The Zonda or “witches wind” sometimes called the Huayrapuca and Viento Zonda is a wind that travels to parts of Western Argentina on the Eastern slope of the Andes, striking the wine regions of La Rioja, San Juan and Mendoza.
The humid air coming off of the Pacific Ocean moves over the high Andes Mountains in Chili and then rushes down into these areas wreaking havoc. Due to the humidity, it assists in creating snow over the winter months, thereby affording additional water to the South American Vineyards.
The Zonda has a tendency to drive people crazy. First, it has a strange whistling wind that is very eerie, next, it causes temperatures to rise as much as 50 degrees Fahrenheit and then frequently causes freezing temperatures to follow. It also travels in speeds from 25 miles an hour up to 120 mph.
Tremendous frost damage and raging wind can severely damage vineyards due to this phenomenon, something we in Arizona are very accustomed to. Usually occurring between May and November, the Zonda can last as little as an hour and as long as 12.
So beware, it you hear a whistling wind tonight, the Zonda may be coming for you.
If you like a dry Riesling or Albarino, you’ll probably enjoy a Torrontes from Argentina. For my class wine of the week I chose the 2016 Piattelli Torrontes, from the Cafayate Valley in Salta.
It had a very pale lemon color and 14% alcohol. The grapes for this wine are grown at 5900 feet! The nose and palate reminded me of a few of our local Arizona Albarinos.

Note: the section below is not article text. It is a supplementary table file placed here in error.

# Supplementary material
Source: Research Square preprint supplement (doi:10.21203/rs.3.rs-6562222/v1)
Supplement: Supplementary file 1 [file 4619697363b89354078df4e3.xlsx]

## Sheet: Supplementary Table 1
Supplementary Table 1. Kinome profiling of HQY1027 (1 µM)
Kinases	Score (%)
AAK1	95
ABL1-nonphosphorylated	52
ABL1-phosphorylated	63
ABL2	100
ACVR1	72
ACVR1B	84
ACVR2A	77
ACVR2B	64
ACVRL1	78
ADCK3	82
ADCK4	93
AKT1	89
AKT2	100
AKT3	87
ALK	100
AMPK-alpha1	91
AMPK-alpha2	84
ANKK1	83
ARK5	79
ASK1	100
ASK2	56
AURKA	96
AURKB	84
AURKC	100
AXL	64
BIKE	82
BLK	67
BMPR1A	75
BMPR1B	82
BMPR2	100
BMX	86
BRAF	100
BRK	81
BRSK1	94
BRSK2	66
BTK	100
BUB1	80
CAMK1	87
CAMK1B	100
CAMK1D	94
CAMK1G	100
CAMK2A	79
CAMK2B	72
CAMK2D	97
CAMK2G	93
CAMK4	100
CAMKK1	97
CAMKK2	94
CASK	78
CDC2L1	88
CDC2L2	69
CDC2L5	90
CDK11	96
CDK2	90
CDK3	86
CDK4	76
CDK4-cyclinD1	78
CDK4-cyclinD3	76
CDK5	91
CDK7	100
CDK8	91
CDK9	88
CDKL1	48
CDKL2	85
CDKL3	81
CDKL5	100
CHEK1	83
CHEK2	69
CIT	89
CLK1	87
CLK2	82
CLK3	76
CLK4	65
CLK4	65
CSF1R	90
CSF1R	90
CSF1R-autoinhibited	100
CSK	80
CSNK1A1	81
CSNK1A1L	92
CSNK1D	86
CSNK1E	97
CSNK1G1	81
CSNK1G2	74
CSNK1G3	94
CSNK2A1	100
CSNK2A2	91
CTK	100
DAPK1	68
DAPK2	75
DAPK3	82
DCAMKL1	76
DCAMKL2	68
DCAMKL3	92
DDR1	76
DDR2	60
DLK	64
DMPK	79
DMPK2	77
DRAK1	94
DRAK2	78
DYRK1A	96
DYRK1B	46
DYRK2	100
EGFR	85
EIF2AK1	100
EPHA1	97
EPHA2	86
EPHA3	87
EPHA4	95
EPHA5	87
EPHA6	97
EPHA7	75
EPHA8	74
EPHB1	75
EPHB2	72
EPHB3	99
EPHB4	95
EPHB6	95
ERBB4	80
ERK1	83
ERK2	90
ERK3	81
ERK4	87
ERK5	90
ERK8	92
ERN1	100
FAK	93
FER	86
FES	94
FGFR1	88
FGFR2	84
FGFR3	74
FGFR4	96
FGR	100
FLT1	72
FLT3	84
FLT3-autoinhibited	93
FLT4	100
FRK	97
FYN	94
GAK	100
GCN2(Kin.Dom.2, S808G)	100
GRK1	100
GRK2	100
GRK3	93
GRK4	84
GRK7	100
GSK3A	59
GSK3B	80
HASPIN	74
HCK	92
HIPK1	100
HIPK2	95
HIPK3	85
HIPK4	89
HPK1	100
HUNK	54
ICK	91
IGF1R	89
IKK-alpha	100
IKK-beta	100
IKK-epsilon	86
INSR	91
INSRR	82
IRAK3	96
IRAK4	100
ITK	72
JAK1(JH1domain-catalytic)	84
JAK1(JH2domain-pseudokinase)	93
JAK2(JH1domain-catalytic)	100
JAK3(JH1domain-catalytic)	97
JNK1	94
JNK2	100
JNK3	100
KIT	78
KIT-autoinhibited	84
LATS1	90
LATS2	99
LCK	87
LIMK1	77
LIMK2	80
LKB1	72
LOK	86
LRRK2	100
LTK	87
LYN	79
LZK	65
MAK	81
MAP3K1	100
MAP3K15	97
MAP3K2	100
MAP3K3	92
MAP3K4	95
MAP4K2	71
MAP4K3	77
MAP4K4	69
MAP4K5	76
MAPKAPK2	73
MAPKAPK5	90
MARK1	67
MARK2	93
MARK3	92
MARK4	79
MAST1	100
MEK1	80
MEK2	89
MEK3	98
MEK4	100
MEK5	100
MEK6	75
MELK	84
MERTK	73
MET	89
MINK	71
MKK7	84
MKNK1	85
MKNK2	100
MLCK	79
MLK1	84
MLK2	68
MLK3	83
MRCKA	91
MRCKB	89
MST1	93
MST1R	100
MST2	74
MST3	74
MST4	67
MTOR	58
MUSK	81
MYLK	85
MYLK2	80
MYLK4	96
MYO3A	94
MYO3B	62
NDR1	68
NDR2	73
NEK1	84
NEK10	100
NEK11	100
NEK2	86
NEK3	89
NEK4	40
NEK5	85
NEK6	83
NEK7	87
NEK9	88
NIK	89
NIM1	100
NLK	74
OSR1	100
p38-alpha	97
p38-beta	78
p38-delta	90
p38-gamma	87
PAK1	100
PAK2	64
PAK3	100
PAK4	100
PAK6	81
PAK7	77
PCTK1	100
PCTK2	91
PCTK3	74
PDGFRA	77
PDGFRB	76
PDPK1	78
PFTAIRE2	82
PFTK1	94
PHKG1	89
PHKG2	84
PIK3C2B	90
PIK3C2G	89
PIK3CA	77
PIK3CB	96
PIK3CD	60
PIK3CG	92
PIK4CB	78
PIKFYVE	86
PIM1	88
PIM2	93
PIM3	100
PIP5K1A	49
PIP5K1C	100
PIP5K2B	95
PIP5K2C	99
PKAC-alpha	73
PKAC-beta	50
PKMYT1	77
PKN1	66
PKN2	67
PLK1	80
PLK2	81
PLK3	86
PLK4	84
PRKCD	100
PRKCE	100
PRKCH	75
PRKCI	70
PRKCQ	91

The nose smelled sweet with lovely floral notes and tropical fruits such as lychee. The palate had a light creamy mouth feel, with refreshing flavors of vanilla, honeysuckle, grass and minerals. It was quite dry with medium acidity and the finish came in at around 35 seconds. 20% of the wine was aged in American oak. This complex wine will pair well with Asian and spicy Indian food. At around $16 a bottle, I felt it was a very good buy.
What makes Argentinian grapes so special is that they are subjected to the largest diurnal shift of the International wine growing regions. Arizona comes pretty close with our major temperature swings.
Take a close look at the photo on the bottle. It looks like it has Saguaro cactuses growing at the base of the mountains. These unique cacti are only found in the Southern part of Arizona and Sonora, Mexico, so it was quite surprising.
When I visited Argentina, I spent time in Mendoza and Buenos Aires, but never made it that far north to Salta. Next trip, (if there is one) I hope to go to Iguazu Falls and then visit Salta.
Sue Schurgin is the manager of Sedona Wine and Beer Tours and is studying for her CSW and sommelier certificates.